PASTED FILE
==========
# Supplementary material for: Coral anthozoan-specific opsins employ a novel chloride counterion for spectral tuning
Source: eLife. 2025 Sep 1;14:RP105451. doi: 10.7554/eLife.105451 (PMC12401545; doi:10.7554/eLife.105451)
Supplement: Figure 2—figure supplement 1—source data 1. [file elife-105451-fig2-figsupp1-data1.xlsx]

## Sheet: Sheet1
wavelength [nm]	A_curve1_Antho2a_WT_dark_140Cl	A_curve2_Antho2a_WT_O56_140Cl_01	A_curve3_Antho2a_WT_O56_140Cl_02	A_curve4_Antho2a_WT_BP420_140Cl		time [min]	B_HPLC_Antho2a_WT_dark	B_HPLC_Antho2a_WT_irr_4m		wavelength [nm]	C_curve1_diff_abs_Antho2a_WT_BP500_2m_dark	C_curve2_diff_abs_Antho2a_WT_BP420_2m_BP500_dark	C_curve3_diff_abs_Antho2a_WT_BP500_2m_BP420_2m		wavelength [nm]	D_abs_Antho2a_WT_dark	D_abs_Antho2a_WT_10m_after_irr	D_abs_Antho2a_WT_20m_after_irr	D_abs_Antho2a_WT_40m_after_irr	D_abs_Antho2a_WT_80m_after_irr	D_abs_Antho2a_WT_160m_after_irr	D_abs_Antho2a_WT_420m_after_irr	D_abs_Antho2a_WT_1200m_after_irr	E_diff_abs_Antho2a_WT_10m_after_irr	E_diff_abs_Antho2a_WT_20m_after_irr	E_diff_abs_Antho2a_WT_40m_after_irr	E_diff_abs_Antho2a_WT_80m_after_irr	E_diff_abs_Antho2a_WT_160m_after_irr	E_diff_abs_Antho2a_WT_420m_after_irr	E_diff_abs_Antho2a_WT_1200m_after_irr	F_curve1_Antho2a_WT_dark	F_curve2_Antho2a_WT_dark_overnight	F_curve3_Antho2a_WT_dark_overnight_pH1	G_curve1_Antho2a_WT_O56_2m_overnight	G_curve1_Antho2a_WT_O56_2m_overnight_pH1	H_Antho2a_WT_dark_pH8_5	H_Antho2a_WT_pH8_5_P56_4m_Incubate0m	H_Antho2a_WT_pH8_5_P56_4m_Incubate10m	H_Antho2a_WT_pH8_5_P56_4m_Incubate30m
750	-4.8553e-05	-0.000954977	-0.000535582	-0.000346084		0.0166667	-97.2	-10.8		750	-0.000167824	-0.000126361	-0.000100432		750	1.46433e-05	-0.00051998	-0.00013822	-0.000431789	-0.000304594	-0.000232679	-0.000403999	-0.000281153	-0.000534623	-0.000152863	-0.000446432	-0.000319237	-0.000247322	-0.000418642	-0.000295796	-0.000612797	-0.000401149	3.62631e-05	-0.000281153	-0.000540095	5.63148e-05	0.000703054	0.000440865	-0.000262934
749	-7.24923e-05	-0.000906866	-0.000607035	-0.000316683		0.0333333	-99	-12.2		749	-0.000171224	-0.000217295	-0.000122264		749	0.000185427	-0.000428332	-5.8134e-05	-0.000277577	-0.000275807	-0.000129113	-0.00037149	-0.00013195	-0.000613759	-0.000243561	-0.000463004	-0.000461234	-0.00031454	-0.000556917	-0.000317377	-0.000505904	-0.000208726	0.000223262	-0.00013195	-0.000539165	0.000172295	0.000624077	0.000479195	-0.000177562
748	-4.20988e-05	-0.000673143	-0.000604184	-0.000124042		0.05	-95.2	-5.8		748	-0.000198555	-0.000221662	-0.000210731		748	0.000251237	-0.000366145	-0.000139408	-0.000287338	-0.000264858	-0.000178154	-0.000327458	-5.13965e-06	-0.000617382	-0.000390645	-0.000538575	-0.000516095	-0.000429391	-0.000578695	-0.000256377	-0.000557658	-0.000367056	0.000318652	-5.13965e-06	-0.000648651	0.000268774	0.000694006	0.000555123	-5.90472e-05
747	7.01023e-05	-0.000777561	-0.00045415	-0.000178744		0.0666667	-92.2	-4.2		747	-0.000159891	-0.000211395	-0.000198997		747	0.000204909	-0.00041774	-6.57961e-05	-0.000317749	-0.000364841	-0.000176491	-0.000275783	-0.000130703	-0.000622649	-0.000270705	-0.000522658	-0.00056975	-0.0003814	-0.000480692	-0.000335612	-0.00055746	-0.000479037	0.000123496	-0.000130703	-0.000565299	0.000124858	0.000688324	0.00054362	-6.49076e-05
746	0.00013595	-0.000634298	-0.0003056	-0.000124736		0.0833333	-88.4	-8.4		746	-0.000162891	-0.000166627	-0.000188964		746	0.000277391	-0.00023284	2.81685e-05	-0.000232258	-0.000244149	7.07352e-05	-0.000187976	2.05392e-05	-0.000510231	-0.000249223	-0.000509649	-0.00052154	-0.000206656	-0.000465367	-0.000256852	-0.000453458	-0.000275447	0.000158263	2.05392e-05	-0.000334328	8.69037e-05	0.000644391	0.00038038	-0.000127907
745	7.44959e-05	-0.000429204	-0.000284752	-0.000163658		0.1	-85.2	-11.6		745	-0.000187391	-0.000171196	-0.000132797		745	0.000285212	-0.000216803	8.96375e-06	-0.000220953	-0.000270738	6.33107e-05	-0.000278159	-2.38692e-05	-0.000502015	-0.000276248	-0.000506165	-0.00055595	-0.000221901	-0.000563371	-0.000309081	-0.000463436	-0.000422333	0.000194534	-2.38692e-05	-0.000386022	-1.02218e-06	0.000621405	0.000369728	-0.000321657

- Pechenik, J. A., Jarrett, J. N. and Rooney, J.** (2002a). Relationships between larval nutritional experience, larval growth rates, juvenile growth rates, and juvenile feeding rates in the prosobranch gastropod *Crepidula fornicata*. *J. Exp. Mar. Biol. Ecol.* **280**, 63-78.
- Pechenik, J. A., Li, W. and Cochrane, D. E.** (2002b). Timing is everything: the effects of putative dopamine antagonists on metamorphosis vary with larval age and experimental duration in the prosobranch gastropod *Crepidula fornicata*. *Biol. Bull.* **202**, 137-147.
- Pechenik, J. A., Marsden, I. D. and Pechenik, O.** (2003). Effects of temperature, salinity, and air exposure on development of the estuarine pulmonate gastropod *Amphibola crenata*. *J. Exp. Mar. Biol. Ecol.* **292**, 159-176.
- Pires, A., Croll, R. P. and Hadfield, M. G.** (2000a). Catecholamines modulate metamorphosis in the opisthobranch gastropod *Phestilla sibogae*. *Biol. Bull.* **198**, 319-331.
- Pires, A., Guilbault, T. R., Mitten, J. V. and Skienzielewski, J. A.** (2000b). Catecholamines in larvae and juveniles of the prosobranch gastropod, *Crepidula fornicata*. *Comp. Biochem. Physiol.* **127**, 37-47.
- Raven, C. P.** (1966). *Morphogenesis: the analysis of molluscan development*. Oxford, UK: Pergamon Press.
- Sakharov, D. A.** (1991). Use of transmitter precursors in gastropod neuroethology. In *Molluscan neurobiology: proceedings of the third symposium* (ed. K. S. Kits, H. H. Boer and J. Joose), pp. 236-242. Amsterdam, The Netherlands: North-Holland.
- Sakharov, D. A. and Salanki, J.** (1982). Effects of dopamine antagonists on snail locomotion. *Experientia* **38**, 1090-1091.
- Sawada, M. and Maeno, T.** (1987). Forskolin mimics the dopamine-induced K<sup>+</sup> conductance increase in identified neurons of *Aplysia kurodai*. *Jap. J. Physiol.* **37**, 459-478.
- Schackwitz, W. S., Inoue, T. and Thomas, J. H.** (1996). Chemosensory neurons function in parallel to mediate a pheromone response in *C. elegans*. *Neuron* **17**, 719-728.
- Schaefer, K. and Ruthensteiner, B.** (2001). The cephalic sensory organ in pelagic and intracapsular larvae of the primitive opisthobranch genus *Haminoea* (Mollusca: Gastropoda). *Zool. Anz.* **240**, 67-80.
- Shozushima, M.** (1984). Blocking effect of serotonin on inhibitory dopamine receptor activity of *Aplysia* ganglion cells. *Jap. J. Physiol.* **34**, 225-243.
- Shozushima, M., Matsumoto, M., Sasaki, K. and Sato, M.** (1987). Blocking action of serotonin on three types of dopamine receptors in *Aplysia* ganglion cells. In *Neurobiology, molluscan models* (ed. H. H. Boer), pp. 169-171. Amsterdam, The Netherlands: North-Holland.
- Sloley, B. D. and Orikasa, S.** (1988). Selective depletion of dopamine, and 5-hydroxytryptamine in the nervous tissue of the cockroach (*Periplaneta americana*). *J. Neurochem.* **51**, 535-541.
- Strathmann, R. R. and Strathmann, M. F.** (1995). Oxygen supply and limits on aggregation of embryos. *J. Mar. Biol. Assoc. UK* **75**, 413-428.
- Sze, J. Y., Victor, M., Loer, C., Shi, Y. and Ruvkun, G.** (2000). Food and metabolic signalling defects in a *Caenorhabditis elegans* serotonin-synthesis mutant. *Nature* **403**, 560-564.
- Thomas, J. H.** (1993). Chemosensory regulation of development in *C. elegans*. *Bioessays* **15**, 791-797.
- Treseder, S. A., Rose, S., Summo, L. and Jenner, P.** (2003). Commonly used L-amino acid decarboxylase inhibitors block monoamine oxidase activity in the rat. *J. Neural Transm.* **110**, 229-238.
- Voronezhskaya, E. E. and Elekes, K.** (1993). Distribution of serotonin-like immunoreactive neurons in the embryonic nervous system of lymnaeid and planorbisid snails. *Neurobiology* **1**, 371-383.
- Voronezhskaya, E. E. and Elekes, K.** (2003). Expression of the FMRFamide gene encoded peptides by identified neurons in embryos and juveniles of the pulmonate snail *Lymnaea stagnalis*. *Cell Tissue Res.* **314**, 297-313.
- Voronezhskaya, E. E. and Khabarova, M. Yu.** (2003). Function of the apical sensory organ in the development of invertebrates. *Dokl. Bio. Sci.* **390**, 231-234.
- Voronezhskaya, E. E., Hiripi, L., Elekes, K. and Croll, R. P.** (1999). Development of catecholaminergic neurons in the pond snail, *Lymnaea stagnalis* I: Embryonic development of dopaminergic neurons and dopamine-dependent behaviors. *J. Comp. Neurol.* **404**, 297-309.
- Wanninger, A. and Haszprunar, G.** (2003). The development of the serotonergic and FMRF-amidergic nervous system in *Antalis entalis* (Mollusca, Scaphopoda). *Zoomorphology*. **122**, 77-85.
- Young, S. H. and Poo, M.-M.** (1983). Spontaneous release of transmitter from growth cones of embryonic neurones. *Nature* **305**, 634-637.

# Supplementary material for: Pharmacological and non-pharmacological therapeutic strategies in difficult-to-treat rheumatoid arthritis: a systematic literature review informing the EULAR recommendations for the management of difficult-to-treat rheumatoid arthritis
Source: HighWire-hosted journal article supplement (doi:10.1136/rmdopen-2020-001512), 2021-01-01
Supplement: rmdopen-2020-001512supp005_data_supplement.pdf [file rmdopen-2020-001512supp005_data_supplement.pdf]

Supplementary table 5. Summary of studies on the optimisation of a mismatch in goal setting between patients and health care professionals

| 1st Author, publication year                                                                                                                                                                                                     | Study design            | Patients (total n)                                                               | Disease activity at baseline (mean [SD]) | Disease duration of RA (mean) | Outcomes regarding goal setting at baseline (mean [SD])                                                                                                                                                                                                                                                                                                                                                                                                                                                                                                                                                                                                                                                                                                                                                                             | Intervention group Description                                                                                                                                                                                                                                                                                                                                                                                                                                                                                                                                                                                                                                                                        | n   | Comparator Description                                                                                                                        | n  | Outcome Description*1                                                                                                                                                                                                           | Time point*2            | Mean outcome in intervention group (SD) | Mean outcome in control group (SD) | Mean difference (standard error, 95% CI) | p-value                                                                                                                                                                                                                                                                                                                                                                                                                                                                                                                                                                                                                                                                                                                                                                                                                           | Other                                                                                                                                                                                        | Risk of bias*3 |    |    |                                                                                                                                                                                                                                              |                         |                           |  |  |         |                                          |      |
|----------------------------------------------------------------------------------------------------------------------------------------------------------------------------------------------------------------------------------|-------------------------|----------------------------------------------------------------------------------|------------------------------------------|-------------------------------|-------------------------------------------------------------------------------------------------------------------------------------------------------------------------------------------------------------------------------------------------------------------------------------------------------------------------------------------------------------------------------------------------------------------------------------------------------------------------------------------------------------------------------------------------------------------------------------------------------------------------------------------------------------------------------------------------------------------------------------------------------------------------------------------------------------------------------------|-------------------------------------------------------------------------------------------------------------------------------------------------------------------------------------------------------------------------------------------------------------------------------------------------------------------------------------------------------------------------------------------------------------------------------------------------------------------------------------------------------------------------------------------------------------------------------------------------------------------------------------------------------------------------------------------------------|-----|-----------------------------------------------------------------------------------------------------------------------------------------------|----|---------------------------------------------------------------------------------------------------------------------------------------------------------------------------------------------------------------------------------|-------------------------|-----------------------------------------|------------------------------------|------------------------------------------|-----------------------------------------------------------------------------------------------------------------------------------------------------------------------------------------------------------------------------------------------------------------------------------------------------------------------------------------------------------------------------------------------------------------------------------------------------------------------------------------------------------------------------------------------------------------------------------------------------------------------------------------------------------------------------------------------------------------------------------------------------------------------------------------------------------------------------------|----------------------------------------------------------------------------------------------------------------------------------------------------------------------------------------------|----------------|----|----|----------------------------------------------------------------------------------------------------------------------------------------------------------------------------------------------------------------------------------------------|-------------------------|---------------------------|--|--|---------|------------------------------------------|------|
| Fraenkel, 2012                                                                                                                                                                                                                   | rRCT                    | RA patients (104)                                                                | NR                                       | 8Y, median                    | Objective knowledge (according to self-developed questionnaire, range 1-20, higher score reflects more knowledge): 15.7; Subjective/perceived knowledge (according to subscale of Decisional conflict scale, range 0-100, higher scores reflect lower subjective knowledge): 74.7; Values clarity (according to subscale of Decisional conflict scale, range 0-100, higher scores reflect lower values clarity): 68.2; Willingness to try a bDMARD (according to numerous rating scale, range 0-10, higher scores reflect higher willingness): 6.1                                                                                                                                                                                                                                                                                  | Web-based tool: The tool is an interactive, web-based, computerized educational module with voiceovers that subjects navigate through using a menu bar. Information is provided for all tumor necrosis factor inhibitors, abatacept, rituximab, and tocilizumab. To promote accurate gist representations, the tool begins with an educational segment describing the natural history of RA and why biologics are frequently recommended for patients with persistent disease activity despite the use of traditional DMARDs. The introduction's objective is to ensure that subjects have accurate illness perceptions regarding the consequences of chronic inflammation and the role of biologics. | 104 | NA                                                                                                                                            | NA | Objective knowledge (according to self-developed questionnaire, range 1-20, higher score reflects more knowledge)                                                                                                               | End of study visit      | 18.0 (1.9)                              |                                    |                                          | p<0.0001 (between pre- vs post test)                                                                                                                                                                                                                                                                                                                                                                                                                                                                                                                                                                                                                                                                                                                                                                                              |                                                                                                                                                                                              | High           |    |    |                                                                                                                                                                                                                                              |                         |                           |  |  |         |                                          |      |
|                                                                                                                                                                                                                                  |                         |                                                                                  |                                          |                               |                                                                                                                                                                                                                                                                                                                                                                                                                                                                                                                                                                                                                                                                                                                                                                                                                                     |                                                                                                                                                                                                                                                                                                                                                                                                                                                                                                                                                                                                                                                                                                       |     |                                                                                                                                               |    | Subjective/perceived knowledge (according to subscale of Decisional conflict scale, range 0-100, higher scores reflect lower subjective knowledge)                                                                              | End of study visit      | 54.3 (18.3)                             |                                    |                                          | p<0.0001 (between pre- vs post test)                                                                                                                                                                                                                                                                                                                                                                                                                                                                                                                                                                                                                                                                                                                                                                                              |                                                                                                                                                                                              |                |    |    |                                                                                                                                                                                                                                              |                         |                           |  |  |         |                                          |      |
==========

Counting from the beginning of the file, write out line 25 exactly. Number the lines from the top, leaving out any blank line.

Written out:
- Sloley, B. D. and Orikasa, S.** (1988). Selective depletion of dopamine, and 5-hydroxytryptamine in the nervous tissue of the cockroach (*Periplaneta americana*). *J. Neurochem.* **51**, 535-541.